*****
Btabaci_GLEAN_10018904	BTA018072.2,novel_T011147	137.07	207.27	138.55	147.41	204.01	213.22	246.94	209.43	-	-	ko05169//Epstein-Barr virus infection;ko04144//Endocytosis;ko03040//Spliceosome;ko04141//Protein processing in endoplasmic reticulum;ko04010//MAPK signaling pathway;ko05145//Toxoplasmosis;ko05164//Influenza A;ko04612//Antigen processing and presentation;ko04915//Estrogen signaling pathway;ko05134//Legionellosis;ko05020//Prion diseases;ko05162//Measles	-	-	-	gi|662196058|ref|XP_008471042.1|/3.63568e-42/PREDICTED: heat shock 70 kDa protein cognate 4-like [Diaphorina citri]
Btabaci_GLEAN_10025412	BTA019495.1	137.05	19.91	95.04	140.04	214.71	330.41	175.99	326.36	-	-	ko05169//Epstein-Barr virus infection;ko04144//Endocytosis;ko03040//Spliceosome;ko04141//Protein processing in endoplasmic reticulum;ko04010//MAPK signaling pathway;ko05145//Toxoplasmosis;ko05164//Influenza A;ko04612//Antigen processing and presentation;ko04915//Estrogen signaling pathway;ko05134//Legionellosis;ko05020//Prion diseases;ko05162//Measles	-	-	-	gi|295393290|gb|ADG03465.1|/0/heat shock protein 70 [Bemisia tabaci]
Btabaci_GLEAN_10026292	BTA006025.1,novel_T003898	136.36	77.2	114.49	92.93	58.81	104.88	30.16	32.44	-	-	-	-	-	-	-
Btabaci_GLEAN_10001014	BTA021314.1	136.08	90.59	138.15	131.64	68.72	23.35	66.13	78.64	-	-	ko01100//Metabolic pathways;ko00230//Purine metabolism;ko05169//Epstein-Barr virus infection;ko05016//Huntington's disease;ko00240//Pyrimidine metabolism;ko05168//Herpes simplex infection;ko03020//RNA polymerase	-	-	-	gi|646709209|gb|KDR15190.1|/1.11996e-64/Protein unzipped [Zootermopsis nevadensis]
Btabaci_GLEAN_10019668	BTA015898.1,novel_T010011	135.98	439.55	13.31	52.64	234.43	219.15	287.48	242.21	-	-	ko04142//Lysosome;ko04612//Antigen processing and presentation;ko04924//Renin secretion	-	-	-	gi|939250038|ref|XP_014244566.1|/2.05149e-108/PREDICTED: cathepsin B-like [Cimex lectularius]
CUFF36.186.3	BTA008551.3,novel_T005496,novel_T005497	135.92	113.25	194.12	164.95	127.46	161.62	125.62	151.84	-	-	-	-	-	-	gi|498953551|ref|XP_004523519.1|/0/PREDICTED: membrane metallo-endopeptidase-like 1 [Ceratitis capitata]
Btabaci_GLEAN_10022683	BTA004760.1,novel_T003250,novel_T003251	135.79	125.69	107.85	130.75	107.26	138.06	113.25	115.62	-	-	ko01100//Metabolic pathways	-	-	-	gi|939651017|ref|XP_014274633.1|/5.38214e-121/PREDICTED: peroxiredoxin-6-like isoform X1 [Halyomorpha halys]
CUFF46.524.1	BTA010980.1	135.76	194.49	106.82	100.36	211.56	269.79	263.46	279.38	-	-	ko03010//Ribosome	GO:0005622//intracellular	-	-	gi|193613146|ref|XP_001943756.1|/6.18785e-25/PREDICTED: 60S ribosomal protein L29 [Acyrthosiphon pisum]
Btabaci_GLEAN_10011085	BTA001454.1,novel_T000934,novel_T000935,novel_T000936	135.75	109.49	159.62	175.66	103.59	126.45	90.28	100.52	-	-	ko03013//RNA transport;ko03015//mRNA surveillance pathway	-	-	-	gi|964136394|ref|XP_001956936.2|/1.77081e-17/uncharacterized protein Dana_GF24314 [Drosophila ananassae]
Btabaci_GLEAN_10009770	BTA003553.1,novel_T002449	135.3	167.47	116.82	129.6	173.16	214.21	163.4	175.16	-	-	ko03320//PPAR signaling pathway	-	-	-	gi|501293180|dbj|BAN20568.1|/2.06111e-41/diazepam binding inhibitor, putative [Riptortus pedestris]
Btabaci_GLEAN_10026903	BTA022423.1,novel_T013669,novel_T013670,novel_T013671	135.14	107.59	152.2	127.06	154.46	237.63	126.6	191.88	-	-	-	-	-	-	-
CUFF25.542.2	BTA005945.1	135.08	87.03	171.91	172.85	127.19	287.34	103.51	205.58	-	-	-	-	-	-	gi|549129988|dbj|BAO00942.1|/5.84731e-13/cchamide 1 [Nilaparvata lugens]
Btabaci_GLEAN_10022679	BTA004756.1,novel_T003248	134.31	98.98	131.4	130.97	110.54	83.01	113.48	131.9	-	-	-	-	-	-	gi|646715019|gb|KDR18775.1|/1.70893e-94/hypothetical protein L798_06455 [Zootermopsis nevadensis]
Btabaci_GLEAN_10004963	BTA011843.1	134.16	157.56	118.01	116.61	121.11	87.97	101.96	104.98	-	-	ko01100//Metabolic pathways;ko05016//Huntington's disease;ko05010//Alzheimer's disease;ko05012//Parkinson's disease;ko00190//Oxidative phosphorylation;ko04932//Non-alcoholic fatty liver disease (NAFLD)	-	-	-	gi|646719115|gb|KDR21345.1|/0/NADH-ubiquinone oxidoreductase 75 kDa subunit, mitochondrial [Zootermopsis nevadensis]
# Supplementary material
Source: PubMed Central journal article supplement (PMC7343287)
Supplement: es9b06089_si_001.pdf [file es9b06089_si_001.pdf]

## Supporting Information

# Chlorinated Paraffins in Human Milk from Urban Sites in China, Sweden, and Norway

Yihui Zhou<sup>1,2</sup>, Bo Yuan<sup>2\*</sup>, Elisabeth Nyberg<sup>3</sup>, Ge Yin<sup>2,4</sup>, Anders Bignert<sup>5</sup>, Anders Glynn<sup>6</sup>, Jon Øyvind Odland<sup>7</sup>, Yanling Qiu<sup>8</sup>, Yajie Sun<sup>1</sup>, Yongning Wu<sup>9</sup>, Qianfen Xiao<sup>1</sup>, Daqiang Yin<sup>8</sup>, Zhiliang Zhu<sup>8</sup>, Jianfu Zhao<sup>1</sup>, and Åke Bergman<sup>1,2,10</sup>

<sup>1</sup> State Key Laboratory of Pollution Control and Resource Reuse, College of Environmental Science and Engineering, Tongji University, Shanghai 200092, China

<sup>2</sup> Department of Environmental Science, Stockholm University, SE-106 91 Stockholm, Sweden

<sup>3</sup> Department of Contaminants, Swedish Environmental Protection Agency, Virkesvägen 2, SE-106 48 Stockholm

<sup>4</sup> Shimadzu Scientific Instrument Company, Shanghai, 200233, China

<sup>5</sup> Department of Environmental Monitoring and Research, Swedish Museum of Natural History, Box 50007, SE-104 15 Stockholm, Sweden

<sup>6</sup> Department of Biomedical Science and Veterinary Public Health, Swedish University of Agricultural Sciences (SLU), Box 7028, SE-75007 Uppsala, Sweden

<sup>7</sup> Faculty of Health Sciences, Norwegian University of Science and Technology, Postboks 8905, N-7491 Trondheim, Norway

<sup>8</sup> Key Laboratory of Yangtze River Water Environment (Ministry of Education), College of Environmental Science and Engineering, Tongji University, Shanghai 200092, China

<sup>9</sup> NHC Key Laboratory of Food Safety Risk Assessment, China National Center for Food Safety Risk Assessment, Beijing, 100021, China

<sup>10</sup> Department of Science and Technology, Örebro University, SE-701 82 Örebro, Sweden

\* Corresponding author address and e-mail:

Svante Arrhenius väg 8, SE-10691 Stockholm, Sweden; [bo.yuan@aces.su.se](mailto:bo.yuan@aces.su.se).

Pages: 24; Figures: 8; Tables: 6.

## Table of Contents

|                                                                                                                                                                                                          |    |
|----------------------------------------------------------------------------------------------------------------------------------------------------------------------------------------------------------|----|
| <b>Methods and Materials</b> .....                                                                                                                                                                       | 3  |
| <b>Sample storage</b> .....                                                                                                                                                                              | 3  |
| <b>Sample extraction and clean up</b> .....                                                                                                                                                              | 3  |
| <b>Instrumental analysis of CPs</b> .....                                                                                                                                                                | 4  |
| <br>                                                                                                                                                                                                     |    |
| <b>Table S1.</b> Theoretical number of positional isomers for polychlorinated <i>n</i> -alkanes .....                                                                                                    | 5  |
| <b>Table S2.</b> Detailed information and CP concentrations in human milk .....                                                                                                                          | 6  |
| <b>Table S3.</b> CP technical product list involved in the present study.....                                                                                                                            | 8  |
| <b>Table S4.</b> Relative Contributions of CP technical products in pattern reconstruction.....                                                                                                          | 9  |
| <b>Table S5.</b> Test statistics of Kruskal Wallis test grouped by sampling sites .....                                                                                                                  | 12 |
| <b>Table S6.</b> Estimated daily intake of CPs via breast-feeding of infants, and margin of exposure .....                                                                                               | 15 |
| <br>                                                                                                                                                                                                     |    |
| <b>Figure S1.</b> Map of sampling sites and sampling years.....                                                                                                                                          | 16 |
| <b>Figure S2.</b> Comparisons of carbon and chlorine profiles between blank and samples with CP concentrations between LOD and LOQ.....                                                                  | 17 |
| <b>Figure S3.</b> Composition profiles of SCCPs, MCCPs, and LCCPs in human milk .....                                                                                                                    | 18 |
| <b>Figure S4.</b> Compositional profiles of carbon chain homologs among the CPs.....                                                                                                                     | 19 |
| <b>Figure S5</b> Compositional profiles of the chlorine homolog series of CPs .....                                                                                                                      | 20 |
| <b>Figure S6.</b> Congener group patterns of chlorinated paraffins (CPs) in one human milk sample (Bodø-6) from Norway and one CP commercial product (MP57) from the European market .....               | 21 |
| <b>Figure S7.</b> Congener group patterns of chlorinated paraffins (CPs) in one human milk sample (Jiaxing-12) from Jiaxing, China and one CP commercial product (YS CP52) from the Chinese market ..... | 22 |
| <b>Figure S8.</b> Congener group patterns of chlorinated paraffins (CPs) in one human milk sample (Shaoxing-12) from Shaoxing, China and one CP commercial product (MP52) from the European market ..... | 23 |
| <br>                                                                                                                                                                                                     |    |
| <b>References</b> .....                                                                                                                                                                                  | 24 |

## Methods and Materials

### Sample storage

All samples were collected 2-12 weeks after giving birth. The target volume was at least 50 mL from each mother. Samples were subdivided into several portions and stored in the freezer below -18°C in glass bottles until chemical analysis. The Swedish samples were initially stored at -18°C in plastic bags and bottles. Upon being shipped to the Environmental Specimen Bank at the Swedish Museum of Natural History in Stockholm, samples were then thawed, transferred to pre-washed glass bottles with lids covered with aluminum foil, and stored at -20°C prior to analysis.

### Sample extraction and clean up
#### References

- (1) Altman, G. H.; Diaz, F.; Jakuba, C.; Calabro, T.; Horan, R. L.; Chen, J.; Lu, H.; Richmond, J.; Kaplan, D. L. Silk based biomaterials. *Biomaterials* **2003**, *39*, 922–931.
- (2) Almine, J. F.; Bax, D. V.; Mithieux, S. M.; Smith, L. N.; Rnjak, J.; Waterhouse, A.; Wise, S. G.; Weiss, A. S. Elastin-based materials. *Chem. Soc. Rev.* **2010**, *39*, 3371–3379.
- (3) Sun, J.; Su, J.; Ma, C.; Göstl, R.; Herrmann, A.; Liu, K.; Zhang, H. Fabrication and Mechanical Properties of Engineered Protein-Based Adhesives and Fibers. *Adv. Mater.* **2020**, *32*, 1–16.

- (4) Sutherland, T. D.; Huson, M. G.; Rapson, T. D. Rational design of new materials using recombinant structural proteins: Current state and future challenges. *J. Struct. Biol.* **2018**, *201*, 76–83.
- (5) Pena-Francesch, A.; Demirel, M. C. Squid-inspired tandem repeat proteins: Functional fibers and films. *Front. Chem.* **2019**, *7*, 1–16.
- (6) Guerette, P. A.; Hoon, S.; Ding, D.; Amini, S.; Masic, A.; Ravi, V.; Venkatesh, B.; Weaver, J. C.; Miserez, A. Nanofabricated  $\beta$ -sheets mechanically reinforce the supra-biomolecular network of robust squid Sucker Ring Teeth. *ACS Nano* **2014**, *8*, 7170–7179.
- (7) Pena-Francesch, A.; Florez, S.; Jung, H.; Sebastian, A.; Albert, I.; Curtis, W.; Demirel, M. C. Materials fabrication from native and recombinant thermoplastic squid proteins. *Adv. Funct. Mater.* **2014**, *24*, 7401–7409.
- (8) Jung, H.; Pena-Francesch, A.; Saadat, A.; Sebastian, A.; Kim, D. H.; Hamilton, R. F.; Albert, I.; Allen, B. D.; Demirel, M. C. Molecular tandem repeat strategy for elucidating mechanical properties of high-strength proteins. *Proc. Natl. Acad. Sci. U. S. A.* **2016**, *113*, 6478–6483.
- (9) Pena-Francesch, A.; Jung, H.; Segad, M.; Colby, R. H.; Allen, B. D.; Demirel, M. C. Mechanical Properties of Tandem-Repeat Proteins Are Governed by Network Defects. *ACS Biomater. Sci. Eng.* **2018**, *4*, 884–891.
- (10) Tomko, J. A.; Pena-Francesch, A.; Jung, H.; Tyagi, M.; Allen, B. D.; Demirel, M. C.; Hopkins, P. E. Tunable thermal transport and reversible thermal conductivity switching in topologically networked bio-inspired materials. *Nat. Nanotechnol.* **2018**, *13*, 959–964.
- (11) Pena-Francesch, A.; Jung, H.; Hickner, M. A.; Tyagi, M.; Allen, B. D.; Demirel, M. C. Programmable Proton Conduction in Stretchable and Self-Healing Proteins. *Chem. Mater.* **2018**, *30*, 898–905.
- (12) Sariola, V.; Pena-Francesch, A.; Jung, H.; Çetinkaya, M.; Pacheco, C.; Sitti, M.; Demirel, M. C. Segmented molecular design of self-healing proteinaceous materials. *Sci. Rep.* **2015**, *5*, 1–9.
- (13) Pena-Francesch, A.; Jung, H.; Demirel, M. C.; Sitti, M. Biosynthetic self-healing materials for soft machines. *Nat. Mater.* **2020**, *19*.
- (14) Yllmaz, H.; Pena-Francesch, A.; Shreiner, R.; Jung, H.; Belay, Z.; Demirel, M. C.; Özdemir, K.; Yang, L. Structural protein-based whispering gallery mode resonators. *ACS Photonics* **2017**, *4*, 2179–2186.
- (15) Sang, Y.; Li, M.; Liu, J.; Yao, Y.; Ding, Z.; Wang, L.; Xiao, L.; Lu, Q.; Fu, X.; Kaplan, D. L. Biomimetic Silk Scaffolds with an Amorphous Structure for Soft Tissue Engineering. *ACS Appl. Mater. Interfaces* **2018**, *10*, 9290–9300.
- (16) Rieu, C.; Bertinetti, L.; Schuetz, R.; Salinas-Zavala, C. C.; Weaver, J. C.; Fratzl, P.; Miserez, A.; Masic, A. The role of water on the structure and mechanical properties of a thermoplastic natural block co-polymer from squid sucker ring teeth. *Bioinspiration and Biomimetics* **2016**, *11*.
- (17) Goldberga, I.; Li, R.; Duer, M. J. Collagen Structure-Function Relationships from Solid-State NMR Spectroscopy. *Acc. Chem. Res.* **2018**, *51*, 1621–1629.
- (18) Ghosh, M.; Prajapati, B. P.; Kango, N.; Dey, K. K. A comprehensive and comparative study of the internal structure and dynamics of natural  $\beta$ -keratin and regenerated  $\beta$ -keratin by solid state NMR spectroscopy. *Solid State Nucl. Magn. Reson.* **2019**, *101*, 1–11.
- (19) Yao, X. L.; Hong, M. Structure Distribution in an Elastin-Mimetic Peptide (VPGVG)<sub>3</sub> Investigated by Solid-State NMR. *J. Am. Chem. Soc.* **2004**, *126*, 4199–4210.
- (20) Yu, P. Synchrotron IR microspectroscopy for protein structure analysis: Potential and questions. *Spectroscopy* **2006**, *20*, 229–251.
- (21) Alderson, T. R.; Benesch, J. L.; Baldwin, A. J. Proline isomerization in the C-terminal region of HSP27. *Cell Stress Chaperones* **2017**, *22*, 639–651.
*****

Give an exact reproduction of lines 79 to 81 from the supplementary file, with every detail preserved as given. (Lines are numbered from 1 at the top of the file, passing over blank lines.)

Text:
- (16) Rieu, C.; Bertinetti, L.; Schuetz, R.; Salinas-Zavala, C. C.; Weaver, J. C.; Fratzl, P.; Miserez, A.; Masic, A. The role of water on the structure and mechanical properties of a thermoplastic natural block co-polymer from squid sucker ring teeth. *Bioinspiration and Biomimetics* **2016**, *11*.
- (17) Goldberga, I.; Li, R.; Duer, M. J. Collagen Structure-Function Relationships from Solid-State NMR Spectroscopy. *Acc. Chem. Res.* **2018**, *51*, 1621–1629.
- (18) Ghosh, M.; Prajapati, B. P.; Kango, N.; Dey, K. K. A comprehensive and comparative study of the internal structure and dynamics of natural  $\beta$ -keratin and regenerated  $\beta$ -keratin by solid state NMR spectroscopy. *Solid State Nucl. Magn. Reson.* **2019**, *101*, 1–11.